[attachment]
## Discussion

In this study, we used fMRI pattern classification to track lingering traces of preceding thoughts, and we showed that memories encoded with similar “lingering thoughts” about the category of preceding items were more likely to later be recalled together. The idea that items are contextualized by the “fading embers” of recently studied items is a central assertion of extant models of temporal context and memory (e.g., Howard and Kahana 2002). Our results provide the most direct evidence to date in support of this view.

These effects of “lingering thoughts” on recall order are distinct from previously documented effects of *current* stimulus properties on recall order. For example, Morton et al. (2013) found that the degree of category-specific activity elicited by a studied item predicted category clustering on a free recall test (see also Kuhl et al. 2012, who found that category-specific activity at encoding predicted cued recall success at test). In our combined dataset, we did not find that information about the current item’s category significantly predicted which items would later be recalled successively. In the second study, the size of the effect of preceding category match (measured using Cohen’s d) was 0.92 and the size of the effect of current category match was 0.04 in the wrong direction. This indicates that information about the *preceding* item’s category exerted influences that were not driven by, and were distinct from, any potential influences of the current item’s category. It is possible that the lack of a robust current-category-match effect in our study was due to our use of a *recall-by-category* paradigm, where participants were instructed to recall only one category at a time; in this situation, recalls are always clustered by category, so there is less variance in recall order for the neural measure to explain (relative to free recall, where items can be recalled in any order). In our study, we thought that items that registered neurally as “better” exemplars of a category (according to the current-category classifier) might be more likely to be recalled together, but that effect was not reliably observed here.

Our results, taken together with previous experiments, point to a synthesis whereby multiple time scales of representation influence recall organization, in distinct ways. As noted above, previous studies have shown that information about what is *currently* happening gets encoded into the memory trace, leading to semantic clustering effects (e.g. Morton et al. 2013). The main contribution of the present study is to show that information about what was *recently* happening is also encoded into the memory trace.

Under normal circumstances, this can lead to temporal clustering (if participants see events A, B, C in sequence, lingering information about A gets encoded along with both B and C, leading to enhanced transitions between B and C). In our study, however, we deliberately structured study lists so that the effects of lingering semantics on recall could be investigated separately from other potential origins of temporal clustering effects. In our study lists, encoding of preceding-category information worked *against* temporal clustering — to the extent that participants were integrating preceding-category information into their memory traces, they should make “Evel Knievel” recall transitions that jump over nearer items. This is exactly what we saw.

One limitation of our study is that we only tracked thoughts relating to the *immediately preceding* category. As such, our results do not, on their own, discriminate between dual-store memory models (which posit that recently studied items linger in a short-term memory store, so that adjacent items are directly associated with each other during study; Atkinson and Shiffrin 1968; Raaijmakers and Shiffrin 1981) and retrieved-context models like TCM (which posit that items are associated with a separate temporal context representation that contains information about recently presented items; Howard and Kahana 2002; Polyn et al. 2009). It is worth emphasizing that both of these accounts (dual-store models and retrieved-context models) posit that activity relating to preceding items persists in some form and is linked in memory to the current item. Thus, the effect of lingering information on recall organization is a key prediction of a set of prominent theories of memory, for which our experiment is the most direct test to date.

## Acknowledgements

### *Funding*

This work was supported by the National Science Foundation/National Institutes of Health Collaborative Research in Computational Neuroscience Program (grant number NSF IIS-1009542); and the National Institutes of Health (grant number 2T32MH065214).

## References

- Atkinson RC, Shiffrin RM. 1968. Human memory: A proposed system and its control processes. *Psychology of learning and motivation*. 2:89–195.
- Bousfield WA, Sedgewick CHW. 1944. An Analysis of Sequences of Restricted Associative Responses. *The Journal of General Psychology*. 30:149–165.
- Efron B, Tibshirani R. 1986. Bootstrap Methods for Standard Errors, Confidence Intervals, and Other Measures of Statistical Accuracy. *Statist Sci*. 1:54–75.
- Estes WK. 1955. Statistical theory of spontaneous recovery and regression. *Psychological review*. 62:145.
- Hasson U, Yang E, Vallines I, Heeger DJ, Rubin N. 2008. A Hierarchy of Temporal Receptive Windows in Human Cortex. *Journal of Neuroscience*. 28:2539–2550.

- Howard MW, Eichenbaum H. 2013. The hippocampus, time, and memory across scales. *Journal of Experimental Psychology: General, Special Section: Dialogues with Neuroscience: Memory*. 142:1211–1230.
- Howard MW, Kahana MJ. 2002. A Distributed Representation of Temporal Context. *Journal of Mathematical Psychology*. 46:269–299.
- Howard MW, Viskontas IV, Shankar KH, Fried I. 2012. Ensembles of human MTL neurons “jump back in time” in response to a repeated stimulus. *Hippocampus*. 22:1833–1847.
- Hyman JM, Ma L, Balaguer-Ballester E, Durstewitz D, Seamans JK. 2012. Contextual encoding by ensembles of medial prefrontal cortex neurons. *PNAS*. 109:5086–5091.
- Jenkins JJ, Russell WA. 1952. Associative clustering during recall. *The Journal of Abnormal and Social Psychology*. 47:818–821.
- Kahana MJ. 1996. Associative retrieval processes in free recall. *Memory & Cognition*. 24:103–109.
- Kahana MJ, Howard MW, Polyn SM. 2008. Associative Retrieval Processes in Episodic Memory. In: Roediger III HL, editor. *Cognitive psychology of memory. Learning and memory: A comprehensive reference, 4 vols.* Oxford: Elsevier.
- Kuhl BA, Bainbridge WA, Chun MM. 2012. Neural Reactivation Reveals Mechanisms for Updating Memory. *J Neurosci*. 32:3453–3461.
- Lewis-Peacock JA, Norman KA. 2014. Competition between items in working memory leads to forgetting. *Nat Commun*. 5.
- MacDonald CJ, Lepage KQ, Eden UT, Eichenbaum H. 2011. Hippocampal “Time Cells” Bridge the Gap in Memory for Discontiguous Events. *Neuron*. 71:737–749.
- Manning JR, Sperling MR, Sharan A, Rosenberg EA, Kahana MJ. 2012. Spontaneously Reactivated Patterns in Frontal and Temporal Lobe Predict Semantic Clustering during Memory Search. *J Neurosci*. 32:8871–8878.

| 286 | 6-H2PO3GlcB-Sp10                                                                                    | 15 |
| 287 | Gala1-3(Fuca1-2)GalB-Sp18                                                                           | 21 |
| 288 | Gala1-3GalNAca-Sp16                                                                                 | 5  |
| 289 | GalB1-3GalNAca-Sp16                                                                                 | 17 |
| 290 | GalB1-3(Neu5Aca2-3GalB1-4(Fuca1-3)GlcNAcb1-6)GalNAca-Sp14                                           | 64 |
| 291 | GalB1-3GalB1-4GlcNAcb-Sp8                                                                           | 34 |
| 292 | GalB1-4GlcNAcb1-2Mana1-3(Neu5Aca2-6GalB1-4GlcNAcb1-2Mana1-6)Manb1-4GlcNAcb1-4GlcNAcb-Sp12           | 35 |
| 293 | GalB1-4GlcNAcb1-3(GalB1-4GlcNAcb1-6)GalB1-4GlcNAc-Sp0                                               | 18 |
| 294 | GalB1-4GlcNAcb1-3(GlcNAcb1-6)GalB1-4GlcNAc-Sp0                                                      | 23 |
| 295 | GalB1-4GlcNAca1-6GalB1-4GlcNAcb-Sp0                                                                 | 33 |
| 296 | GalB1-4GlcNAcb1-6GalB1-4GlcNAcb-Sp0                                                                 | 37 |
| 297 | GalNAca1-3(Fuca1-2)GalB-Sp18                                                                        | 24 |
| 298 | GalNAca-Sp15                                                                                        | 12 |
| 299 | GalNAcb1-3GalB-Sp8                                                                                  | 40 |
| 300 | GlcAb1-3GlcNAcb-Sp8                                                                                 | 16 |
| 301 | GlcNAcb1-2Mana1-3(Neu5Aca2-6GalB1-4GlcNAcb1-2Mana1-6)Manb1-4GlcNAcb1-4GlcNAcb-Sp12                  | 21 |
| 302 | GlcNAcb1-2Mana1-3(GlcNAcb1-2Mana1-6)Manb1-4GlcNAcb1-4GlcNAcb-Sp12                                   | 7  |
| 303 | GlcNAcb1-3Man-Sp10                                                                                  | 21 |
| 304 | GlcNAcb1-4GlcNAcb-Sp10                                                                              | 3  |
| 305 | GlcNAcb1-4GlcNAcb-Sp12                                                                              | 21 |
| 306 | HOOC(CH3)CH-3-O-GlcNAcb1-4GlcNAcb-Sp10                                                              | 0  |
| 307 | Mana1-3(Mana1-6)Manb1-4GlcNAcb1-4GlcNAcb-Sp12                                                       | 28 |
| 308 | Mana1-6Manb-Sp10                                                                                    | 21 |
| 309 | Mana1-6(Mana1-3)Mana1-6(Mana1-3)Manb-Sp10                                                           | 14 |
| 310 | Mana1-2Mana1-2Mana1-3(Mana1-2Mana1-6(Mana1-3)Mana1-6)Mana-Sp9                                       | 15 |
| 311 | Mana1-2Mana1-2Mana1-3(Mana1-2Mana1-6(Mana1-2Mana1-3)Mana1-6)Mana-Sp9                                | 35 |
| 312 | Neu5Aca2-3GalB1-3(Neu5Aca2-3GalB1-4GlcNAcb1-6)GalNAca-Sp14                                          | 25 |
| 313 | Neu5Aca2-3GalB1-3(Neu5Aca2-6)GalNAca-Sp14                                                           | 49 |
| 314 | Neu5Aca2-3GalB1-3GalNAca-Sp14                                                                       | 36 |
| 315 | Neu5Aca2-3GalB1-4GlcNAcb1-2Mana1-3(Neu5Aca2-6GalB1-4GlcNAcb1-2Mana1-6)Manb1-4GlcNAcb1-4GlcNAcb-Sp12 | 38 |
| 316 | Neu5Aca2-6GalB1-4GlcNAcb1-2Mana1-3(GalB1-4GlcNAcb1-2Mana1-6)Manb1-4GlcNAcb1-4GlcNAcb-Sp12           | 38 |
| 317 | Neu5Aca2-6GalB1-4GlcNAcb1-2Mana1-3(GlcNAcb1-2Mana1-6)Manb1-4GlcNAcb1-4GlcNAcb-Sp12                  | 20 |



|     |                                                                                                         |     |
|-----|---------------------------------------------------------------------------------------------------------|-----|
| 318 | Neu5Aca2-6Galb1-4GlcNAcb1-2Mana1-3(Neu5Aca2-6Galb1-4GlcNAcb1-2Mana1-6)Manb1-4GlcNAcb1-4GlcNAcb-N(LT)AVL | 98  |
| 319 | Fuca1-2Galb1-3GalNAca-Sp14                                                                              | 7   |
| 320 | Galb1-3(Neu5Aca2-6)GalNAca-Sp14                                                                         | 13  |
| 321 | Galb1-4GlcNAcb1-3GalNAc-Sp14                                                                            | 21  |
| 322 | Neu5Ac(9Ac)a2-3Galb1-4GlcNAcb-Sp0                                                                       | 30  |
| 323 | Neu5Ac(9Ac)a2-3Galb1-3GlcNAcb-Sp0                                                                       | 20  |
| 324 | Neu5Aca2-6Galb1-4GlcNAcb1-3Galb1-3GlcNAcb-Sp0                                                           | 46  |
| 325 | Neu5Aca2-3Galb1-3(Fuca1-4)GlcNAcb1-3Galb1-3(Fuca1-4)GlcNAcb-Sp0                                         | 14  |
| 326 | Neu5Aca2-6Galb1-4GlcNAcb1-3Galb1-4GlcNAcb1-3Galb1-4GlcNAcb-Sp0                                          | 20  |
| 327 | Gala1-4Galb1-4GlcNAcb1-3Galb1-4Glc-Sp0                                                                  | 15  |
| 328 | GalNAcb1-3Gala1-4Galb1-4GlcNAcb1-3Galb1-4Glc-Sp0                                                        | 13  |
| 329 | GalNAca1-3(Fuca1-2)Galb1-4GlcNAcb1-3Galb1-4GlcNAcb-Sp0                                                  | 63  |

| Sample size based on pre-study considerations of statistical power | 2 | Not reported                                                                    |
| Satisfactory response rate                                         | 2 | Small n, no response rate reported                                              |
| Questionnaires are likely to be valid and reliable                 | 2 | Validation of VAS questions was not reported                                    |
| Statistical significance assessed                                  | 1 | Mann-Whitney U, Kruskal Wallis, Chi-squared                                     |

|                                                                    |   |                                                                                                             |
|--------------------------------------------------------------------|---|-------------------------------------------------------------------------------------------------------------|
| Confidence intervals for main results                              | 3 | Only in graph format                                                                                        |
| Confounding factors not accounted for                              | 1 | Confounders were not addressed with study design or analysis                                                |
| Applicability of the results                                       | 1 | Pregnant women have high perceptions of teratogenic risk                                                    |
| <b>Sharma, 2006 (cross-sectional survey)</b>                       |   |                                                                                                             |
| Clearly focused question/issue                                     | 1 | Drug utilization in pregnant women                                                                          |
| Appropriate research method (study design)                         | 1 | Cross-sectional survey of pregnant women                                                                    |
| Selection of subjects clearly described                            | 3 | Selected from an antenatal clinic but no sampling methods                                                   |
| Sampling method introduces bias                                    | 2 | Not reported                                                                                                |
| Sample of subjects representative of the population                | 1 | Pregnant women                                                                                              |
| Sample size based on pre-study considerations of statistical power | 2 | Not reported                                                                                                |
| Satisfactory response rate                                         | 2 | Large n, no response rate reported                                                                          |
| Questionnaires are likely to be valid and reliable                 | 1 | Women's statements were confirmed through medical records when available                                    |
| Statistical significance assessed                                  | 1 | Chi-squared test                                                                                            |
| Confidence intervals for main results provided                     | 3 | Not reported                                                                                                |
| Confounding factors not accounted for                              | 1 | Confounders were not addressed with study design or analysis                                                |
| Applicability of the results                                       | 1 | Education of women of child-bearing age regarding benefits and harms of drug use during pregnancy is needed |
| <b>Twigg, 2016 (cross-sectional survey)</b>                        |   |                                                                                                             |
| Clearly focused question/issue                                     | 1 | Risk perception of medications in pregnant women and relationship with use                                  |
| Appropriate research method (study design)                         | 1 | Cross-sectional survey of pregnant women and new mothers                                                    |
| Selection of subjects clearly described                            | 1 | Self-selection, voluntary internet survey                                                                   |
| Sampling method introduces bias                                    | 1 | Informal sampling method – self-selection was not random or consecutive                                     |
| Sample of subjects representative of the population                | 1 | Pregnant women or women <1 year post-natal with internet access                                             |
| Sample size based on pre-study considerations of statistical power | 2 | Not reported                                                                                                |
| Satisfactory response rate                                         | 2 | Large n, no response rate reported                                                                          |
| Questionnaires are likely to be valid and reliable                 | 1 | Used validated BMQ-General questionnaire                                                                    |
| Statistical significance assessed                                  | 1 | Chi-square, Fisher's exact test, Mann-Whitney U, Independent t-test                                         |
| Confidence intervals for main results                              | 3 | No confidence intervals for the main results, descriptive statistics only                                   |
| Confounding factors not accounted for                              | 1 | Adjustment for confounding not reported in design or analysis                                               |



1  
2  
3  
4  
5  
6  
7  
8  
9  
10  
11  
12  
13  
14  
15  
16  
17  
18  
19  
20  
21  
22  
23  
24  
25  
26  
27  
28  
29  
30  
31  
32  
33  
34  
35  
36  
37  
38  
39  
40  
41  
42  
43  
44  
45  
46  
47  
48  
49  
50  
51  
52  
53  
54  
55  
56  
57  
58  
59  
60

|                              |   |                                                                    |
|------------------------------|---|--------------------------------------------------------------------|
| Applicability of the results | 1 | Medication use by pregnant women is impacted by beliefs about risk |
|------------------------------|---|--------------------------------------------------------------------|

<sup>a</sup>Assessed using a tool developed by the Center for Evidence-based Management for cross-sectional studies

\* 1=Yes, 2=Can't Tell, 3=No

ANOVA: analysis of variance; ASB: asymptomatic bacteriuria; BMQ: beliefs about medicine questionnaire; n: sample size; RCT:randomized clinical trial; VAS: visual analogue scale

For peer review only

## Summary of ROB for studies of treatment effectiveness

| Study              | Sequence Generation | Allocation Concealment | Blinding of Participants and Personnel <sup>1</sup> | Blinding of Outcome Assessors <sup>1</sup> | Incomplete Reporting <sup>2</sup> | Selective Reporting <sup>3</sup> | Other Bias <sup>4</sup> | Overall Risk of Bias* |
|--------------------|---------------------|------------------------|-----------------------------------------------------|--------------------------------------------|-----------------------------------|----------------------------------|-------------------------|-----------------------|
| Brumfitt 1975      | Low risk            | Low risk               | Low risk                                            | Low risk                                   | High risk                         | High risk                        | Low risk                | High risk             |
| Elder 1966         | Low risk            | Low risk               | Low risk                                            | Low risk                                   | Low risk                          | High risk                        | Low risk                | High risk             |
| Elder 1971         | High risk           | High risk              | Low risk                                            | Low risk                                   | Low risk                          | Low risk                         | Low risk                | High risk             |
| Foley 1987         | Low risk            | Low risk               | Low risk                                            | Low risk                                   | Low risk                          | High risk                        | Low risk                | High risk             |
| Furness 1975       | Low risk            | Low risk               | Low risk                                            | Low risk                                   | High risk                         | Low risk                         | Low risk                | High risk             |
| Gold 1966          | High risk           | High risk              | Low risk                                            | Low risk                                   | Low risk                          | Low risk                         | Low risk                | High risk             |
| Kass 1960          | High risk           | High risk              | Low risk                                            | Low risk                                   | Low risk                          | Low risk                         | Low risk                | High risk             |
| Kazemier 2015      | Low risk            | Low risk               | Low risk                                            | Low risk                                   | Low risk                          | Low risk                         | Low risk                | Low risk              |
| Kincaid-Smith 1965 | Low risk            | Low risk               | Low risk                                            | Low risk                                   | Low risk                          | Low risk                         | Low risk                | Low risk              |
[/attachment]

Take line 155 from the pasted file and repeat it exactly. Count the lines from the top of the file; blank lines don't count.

49  